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How to Get Started In the Vending Business

by | Oct 28, 2011 | Vending Business Show | 0 comments

How to Get Started in the Vending Business  AN INTERVIEW WITH LARRY TOWNER


Larry Towner

Vending Guru

How to  Get Started in the Vending Business In this episode of the Vending Business Show, we interview Larry Towner, a successful vending operator, and vending business consultant. He shares valuable tips to getting started in the vending business such as organizing and planning tips, proper networking and setting realistic goals.


Episode Transcript:

Tom shivers: How to get started in the vending business  I’m Tom Shivers with the Vending Business Show, here with Larry Towner, who has been in the vending business for many years and a few years ago sold the majority share of his vending business. Today, he mostly provides consulting. In the last show, Larry talked about how to start a vending business, and we’ll pick back up where we left off. So, Larry, thanks for being here.

Larry Towner: Oh. It’s a pleasure, Tom.

Tom shivers: Last time, you explained that sometimes people get in the vending business, but don’t realize what they’re getting themselves into, like what kind of person does well in the vending business. Then you shared some information resources to help people get off to a good start. What other tips do you have on how to get started in the vending business?

Larry Towner: Well, one thing, Tom, that I always try to stress to people is that the vending business is just that. It is a business. If you’re looking to get into a business, you need to have a sense of organization and/or planning. I tell everybody to be very careful when you get into the vending business to make sure that you write a business plan of some sort. Now, it can be as simple as sitting down with a pad of paper and just writing out some of the concerns and some of the things.

Larry Towner: We try to keep people to be aware if they go to some of these seminars that they see in the newspapers and things like that, to be very careful of those things. These guys are professionals at selling equipment and things that are not really of professional grade. So, they make it sound very exciting and very dynamic, and they give you an idea of the kinds of money that you can make, but what they don’t do is they don’t tell you the whole story. I tell people to really sit down and really think this through. Put pen to paper. Write yourself a business plan.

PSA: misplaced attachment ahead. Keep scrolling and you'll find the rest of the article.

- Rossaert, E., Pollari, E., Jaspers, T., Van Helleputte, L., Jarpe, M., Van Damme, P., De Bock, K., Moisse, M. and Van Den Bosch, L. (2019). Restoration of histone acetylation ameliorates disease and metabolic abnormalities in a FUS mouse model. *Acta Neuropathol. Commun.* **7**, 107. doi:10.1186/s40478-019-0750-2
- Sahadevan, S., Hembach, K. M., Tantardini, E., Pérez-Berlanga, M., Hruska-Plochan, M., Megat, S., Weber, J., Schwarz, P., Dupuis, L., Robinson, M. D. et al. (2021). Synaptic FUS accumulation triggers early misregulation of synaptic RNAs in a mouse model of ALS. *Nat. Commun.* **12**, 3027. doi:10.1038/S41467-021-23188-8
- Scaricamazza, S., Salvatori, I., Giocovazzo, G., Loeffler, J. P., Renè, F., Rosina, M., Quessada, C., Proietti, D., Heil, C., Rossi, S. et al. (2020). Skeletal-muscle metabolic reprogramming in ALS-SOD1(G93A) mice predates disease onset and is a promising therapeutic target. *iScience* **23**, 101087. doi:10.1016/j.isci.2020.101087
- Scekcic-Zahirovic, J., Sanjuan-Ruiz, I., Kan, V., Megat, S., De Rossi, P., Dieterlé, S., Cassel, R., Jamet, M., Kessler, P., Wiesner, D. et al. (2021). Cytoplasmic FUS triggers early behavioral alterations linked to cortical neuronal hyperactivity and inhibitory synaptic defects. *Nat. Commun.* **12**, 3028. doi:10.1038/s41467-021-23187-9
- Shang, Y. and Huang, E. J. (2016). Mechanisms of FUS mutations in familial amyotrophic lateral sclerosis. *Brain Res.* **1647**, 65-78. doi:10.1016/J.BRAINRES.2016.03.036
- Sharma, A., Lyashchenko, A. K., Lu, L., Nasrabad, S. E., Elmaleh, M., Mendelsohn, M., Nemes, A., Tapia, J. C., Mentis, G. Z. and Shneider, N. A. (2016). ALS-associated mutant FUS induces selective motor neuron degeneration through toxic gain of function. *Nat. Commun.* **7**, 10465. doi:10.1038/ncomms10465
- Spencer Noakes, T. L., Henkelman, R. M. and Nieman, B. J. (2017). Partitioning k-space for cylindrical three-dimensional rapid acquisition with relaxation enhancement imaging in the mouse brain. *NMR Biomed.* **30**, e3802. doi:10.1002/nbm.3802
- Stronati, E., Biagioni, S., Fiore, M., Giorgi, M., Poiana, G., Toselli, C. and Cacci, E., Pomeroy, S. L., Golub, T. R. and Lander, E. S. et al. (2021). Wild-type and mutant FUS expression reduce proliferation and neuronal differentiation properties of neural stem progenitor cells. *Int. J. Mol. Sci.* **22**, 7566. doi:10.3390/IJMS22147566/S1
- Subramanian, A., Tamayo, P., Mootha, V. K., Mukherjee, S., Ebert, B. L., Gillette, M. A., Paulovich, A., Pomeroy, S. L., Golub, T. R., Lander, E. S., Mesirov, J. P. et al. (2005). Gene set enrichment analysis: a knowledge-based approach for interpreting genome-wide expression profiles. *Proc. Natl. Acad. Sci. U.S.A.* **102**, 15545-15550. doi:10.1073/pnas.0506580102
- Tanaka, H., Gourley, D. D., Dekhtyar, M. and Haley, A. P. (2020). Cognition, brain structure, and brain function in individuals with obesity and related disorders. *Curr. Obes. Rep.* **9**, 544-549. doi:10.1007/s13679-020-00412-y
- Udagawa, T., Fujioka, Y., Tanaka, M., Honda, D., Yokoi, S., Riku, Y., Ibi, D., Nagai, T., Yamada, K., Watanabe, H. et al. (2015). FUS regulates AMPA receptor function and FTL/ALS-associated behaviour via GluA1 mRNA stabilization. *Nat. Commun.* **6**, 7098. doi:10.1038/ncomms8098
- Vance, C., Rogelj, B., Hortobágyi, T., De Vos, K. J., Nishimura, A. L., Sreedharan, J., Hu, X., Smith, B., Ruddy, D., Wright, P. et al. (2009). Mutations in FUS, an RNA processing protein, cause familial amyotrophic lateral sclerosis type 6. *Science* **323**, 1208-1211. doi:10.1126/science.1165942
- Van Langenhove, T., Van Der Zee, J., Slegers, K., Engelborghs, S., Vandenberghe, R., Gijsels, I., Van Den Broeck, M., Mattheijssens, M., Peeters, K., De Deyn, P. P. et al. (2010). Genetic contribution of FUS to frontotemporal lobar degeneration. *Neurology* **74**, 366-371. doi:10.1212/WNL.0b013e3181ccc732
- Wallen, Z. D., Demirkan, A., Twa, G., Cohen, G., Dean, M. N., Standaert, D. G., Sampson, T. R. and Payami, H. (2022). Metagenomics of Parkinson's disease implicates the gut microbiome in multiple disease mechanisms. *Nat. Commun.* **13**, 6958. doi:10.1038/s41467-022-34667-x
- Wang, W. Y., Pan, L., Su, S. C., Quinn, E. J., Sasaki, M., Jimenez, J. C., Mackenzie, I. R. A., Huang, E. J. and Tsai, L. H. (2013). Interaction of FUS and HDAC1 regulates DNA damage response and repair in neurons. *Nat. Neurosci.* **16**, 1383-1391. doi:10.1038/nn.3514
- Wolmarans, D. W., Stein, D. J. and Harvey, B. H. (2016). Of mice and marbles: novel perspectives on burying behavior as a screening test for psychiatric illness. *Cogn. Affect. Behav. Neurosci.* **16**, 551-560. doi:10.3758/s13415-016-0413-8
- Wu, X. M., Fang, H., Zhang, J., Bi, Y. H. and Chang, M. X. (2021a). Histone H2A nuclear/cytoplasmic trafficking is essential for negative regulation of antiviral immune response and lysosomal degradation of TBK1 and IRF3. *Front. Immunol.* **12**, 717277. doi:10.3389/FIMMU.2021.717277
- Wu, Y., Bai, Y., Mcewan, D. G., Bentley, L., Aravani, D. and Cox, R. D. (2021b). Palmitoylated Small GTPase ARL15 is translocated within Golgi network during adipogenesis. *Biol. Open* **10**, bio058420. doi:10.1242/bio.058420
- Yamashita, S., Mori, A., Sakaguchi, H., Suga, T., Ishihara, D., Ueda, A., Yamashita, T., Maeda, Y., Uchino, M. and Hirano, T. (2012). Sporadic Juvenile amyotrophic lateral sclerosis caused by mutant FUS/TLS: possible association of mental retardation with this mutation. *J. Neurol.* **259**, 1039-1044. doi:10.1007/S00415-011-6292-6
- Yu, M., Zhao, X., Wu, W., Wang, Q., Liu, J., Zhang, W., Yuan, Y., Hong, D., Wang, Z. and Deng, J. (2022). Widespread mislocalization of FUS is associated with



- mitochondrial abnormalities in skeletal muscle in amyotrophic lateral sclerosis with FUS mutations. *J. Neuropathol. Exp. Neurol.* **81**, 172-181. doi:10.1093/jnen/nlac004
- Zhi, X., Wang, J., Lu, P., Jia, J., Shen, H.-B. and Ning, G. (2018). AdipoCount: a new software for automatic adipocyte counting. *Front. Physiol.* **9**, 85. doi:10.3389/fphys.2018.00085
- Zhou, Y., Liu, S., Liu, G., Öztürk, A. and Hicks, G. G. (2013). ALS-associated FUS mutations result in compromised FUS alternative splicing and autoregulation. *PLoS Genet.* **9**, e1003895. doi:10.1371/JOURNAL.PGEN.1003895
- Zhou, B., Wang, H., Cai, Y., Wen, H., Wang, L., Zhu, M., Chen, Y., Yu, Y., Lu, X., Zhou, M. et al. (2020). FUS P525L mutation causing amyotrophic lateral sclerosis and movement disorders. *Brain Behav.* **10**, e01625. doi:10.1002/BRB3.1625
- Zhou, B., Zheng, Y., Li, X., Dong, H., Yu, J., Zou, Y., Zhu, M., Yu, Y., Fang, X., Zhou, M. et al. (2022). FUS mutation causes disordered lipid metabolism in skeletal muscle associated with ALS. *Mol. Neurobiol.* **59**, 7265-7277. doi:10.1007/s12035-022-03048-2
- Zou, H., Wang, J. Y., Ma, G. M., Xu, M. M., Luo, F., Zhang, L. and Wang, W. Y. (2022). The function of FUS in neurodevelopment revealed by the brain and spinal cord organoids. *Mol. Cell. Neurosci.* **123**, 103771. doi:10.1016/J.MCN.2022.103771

Larry Towner: Now, you don’t have to write a business plan that’s designed for going to the bank and getting financing. You might need to do that, but that’s a separate issue. It all depends on what your goals are, but have an idea of what you’re trying to achieve, number one. What’s your goal? Are you looking to become self-employed? Are you looking for additional income? Are you looking for a part-time business or a retirement business? What are your goals within those kinds of things? That’s where you start.

Larry Towner: Then you try to cater the vending business into those aspects of what you’re looking for. Don’t forget things like … What people are most common is what they present in a lot of these shows and things like that is they say, “Gosh. You’re buying this for a quarter, and you’re selling it of 50 cents, and you’re making 100% profit. How can you go wrong when you make that much money?”, and this, and that.

Larry Towner: Well, at the end of the day, what they don’t tell you is that you have to sell four items to make $1. You have to pay for your equipment and all your expenses out of that $1 that you make in profit, and you had to sell four items. When you think about it, on the average person’s paycheck, if you had to make your paycheck, how many items would you have to sell? People don’t even do that basic math, and when they think about it, they go, “Wow. I have to sell 4,000 items,” or, “I have to sell 10,000 items,” or whatever it is that the particular person is looking for.

Larry Towner: Out of that money too, what they always forget is that they have to have a vehicle. They have to pay for fuel. They have to pay for insurance. They have to pay for the machines. They have to pay for repairs. They have to pay for all the things that a business has to pay for just to be in business, which includes telephones. There’s hundreds and hundreds of books on writing business plans, but you need to sit down and really think about it. You can just say, “Wow. I’ll run this out of my garage, and it’ll just be clean and easy.” It can be that simple, but it can also not be that simple.

Larry Towner: So, it starts with a good understanding of the numbers, and how much profit you think you’re gonna make, and how much can you make per account and per machine, which brings up a few different issues that get into the planning. Some of the things in discussion with some people wanting to get into the business, I said, “Well, what kind of potential accounts do you think you have?” They would give me an idea of what they have, and they say, “Well, I can’t lose. I’m gonna buy a new machine and put it in there.” I’ll tell them flat out, “It’s gonna take you 10 years to pay for your equipment. Have you even thought about that?” They go, “No. I haven’t,” and they have opted out.

Larry Towner: That’s one of the biggest keys to success is to sit down and actually do a business plan of some sort. Write out what you want and how you think you’re gonna get there. Then walk backwards through all the steps and all of the things that it might take you to do to get to that number, and just give yourself some kind of a reality check. If you jump into this thing, you can obligate yourself for thousands of dollars and end up having very little income coming out of it. That’s one of my biggest things when I tell people, “If you’re gonna get into the business, it’s a business. Do a business plan.”